A long spate of food safety scandals in China is fueling the demand for organic.
Cultural and political landscape
For a long time now, China has been buying up land all over the world in order to secure resources for its growing population. China’s sizable purchases of land for agricultural purposes has led to large swathes of land in places like Brazil and Africa being deforested and converted into soy bean fields—and especially cattle raising operations—in order to meet the increasing demand for meat in the Chinese diet.
Land purchases have not only been used for domestic purposes but also to meet the demand of emerging markets. Currently, China is leading the world with the largest amount of land converted to organic farming. Most of China’s organic food production goes to export; however, recently there has been a shift in domestic consumption to organic goods.
Shift to the cities brings dietary changes
Until quite recently, the Chinese daily cuisine was centered on fresh, seasonal produce bought at local street markets. However, in a short span of time China has seen a massive shift of people moving from rural agricultural land into cities in search of manufacturing work.
Urban development has responded to support this burgeoning population. Small markets and restaurants have been replaced by large, corporate chains, fast-food restaurants from the West have grown in number and popularity, and processed foods and refrigerators have become more readily available, decreasing the public’s reliance on fresh produce.
To feed this growing urban population, farmers are hard pressed to produce more with the little land that they have as urban sprawl—as well as the Gobi desert—continues to encroach upon arable land. Many farmers have turned to the excessive use of synthetic fertilizers and pesticides in order to ensure higher yields. It has been reported in an article
in the UK’s Telegraph
that in Shanghai farmers use up to four times the amount of pesticides recommended.
The shift amongst the Chinese to buy more organic produce has not been so much out of concern for environmental welfare, nor the challenges farmers are facing, or even the negative effects of petrol-based fertilizers and pesticides on the public’s health. Rather, this spike in demand for organic produce has come out of a response to the increasing number of horrifying food scandals coming out of China.
Would you like a glass of leather milk to go with your aluminum dumplings?
To recap a few of the most recent scandals in Chinese food production:
In 2008 melamine, an industrial chemical used to make plastic, was added to infant milk formula to make the product appear to contain higher amounts of protein. The addition of this ingredient to the formula resulted in the death of at least six infants, and nearly 300,000 reported ill.
In 2011 another scandal regarding milk contamination surfaced. This time hydrolyzed leather protein was found in milk—which the media named “leather milk.” Made from scrapped leather and animal hair, the additive appears to boost the protein content of milk much like melamine.
Suspicion that many of China’s rice crops contained heavy metals led to a study of Chinese food products made with rice flour. The study found that nearly one third of the 696 samples tested contained amounts of aluminum that were above China’s national standard. The conclusion was drawn that the baking powder used in the products was the source of the high aluminum levels.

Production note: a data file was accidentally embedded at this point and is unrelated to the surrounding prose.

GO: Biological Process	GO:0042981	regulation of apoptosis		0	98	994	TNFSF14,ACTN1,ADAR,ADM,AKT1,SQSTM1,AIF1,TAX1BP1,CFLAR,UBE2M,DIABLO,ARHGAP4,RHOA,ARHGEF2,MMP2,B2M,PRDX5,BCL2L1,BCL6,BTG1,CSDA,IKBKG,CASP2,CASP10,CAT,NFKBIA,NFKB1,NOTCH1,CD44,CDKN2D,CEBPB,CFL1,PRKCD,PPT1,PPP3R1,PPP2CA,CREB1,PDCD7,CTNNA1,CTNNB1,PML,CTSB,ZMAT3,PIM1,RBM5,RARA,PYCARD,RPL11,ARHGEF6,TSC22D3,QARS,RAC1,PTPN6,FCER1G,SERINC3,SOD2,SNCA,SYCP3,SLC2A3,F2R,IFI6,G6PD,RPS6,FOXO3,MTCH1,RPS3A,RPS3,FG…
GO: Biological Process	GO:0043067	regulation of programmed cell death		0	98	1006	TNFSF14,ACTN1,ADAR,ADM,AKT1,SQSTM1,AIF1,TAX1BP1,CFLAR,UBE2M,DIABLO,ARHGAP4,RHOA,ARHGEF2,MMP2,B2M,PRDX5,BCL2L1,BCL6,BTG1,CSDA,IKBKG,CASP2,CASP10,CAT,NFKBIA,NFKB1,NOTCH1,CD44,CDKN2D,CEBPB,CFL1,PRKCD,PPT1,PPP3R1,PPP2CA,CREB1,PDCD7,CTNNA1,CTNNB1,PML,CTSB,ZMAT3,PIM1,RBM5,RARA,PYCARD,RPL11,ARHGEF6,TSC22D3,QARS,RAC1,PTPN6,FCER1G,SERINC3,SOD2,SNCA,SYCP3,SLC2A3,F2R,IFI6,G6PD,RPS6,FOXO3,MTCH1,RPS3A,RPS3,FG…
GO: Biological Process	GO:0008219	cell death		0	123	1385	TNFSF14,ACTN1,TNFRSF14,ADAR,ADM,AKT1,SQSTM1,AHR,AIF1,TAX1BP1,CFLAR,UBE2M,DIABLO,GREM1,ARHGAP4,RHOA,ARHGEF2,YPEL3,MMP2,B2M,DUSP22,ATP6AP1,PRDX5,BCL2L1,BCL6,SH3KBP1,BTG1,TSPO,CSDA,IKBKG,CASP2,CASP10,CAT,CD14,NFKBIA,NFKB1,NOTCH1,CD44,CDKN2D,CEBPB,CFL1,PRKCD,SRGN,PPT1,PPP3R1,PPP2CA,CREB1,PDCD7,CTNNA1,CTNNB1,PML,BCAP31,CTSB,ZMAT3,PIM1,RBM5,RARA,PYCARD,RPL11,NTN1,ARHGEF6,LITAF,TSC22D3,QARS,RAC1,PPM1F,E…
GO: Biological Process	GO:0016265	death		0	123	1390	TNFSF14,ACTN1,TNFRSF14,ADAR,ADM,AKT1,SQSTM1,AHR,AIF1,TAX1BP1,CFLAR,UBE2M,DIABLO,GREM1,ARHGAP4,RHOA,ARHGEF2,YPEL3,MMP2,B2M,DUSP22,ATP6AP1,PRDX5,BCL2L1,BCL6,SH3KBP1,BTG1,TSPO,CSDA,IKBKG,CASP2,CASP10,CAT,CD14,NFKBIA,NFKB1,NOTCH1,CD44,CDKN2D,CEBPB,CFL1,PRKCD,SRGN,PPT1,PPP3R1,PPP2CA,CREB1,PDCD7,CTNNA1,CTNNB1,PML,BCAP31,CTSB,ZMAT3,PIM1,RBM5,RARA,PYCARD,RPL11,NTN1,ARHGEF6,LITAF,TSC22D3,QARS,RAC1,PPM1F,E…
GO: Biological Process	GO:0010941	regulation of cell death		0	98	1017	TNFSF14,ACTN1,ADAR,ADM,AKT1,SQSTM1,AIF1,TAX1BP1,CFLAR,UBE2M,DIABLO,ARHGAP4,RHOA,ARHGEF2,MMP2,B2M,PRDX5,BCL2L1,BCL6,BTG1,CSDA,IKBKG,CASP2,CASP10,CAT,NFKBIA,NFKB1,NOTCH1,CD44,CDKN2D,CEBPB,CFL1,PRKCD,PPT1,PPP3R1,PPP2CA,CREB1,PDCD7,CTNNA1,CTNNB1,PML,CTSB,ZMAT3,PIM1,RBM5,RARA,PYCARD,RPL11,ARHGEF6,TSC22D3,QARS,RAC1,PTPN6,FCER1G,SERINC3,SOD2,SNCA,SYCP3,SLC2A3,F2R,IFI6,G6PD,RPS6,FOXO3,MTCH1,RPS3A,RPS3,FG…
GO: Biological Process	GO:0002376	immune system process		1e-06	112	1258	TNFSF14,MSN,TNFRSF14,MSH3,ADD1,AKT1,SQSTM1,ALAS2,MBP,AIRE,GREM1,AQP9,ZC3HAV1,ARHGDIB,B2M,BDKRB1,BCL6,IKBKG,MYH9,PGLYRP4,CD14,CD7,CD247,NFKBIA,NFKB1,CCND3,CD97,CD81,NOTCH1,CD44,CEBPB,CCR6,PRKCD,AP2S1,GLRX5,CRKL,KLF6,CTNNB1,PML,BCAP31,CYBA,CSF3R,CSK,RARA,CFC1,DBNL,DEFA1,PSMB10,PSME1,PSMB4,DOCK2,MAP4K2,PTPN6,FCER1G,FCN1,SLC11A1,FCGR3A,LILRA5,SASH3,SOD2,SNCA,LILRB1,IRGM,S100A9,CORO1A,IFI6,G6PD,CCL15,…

Pork that glows blue anyone? Dubbed “Avatar” meat, pork that contained a certain type of phosphorescent bacteria was found to make the meat glow iridescent blue in the dark. After its discovery, the Shanghai Health Supervision Department reassured the public that pork contaminated by this bacteria was safe as long as it was thoroughly cooked.
Although there have been many other food scandals over the years, the most recent one involving what is now known as “sewage oil” has pushed the public over the edge, and towards organic.
Sewage oil is spent cooking oil from restaurants which is discarded down the drain. Procurers of sewage oil will collect this spent oil from drains and sewer piping, filter it, then resell it to restaurants and street food vendors. It’s estimated that one in ten meals are cooked in this reclaimed oil.
Discoveries like this are pushing the Chinese public to look for safe food and cooking oils that have gone through a certification process, such as organic—as well as to cook more at home rather than trust the oils that restaurants use.
Still, despite the growing demand for organic foods, the majority of the population cannot afford it. Although many in the West may complain about the price of organic in contrast to conventional, it is still far more accessible than in China, where it remains a luxury good consumed mostly by the elite.
Return to the land
Against the tide of people moving away from the farming and into more metropolitan work, there is a small movement of people returning back to the land—and this time bringing organic principles with them. The Shanghai government has encouraged this process by investing in organic farms such as Duoli Organic Farm. Of the initial 200 million yuan spent for the farm’s start-up costs, the government provided a total of 140 million. Duoli Organic Farm also acts as a site for researchers and farmers alike to work together to develop more sustainable farming methods.
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